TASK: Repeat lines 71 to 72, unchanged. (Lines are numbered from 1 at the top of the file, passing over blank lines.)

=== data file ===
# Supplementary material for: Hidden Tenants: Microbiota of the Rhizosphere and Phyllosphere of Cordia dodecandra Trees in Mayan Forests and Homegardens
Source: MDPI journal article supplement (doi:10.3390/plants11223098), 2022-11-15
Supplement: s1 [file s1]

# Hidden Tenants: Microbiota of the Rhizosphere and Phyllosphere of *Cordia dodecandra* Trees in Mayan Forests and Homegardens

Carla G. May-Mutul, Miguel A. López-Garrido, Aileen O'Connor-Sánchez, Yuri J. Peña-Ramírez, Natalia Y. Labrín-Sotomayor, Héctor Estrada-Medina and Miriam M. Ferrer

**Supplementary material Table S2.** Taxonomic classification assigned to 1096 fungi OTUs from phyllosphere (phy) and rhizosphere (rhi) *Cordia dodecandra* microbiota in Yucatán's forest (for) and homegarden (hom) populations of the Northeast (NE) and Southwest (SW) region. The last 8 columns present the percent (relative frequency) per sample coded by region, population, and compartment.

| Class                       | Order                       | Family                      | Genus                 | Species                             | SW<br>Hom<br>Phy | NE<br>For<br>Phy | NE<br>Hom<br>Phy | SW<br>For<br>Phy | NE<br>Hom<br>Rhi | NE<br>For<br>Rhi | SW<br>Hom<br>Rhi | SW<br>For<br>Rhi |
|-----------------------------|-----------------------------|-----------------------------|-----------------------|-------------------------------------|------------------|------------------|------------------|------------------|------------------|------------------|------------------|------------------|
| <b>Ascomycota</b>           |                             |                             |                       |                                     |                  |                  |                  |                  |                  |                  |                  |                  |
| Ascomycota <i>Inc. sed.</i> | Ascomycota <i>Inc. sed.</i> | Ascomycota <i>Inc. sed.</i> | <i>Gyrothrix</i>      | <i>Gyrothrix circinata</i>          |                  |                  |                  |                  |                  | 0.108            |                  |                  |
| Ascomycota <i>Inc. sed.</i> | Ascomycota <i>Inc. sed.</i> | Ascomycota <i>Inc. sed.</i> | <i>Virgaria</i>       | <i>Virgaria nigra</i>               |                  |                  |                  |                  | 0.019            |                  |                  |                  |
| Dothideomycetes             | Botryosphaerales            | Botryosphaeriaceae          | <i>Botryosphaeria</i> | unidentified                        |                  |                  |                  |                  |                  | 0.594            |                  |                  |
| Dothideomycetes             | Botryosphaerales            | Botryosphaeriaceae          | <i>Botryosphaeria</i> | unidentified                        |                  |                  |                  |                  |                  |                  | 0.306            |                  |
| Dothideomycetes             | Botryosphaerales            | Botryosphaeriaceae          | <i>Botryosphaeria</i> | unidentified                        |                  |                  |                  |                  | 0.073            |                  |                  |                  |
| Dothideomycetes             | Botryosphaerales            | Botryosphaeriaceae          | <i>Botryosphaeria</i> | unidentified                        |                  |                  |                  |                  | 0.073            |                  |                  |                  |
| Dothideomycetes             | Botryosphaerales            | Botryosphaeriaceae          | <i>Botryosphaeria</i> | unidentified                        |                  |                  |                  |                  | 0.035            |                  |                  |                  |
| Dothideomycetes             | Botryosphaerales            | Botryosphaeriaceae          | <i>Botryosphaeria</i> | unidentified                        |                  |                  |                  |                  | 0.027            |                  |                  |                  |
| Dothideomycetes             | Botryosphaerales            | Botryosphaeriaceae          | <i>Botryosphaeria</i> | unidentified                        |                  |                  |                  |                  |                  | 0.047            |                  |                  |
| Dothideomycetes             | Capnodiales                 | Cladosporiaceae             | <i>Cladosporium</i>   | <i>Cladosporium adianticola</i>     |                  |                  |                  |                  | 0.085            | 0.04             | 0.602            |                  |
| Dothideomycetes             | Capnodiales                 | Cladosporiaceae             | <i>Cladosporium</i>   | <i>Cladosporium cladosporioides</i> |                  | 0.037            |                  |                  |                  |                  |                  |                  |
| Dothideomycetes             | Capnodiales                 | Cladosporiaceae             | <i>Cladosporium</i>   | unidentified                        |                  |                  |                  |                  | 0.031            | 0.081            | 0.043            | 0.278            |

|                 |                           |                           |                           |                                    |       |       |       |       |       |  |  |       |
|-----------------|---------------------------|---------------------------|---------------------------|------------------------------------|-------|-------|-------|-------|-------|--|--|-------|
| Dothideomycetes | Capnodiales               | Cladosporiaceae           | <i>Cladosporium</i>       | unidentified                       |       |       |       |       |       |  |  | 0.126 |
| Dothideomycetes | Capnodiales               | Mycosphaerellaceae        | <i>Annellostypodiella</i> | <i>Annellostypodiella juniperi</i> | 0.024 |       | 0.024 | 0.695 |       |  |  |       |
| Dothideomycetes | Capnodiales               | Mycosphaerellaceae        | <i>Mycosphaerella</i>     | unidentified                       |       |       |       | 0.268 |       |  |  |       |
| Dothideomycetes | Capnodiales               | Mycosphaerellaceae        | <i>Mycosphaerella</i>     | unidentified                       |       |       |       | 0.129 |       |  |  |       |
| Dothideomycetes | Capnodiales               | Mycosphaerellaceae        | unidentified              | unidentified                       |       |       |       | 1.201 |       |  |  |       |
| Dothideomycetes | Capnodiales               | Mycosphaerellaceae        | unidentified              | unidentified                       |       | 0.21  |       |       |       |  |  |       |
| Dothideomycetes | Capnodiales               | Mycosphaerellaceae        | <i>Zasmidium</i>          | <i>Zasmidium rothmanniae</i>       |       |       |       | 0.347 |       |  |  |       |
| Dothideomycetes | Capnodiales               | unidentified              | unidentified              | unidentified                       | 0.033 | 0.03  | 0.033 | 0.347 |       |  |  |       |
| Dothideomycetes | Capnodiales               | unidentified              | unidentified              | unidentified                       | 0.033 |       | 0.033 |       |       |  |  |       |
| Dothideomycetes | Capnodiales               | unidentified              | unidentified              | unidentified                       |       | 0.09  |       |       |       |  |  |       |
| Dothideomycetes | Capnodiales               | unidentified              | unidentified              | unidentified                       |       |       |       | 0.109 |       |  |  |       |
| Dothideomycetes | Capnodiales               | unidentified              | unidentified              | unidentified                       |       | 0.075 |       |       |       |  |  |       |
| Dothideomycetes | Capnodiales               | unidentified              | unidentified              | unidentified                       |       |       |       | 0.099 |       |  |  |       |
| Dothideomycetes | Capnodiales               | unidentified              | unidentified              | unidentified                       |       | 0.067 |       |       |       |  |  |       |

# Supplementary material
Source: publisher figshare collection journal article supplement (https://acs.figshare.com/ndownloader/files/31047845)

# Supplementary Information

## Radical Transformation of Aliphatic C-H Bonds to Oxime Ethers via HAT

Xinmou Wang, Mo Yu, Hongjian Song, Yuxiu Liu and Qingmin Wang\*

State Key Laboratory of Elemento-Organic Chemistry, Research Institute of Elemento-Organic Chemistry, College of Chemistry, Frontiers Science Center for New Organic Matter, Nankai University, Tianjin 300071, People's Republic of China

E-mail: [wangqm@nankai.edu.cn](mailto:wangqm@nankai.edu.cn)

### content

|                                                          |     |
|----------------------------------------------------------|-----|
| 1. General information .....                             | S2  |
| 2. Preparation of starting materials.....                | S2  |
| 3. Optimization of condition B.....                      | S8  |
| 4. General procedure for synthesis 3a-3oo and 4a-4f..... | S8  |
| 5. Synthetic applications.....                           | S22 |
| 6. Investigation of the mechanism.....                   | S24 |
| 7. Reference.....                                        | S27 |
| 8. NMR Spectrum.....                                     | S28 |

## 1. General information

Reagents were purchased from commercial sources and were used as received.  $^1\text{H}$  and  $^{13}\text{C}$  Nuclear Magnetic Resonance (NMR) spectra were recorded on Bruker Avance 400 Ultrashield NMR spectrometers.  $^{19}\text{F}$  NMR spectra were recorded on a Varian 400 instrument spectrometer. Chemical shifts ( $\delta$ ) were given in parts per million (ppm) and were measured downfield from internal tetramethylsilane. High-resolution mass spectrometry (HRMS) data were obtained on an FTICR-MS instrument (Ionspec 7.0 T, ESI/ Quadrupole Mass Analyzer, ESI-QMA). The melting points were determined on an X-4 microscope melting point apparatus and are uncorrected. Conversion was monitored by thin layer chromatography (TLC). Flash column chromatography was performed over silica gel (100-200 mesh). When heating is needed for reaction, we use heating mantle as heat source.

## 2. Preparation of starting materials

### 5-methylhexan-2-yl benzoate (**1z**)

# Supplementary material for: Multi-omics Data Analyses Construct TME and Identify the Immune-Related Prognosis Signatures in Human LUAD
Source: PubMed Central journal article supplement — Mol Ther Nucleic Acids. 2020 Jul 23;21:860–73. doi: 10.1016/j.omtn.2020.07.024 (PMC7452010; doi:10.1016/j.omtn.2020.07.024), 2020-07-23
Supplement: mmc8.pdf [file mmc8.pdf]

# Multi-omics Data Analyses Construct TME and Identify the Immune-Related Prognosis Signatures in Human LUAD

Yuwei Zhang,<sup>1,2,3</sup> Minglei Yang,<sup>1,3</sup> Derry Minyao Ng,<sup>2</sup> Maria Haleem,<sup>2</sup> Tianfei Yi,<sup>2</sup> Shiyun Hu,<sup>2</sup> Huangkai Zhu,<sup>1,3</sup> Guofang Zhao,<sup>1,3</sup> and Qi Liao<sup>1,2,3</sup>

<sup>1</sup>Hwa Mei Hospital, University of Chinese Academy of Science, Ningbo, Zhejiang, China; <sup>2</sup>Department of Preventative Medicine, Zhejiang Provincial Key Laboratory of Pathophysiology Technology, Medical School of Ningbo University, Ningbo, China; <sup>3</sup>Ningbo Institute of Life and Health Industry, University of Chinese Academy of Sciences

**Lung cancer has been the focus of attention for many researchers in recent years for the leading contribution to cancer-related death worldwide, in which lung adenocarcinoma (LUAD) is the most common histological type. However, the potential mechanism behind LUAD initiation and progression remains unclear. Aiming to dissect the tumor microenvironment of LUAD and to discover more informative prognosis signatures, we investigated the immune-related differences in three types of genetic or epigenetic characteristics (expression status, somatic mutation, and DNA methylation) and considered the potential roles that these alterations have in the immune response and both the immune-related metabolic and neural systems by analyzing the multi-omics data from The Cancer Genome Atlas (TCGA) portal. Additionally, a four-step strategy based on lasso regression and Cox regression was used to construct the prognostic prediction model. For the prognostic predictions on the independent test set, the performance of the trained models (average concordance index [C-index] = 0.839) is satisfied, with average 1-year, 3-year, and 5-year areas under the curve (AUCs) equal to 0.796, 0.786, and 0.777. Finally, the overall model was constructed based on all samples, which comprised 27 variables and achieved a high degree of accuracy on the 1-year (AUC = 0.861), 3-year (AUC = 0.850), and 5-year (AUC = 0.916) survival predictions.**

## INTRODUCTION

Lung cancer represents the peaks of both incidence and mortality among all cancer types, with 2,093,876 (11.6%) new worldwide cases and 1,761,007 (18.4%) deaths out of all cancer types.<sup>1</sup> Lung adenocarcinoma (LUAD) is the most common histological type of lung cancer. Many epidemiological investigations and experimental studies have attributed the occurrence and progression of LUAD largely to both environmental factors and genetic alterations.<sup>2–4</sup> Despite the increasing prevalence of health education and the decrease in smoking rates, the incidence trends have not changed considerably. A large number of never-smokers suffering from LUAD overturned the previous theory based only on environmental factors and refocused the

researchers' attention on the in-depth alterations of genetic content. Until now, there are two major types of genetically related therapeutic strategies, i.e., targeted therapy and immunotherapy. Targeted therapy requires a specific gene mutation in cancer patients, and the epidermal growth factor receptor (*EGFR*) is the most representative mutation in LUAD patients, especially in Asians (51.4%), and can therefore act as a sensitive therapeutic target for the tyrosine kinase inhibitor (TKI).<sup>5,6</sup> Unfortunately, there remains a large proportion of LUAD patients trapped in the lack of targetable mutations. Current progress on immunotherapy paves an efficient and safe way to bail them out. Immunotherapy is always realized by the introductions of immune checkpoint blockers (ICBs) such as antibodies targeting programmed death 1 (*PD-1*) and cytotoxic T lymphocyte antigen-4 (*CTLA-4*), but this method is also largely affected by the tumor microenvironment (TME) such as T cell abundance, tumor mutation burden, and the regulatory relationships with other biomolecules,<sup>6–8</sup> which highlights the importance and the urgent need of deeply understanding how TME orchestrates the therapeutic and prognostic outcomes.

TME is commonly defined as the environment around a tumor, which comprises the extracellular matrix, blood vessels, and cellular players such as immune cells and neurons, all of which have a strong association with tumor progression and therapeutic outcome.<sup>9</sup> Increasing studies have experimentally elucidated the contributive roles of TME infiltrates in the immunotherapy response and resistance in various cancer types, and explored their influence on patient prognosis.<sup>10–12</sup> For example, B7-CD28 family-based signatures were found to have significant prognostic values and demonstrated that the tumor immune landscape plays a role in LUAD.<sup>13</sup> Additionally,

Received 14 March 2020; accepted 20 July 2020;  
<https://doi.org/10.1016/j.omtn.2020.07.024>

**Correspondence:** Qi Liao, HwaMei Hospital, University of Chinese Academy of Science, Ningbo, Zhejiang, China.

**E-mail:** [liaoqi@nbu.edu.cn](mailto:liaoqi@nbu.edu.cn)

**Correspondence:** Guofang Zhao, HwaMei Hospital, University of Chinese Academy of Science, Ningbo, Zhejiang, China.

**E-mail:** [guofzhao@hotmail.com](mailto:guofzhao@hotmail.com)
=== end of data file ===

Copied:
Received 14 March 2020; accepted 20 July 2020;  
<https://doi.org/10.1016/j.omtn.2020.07.024>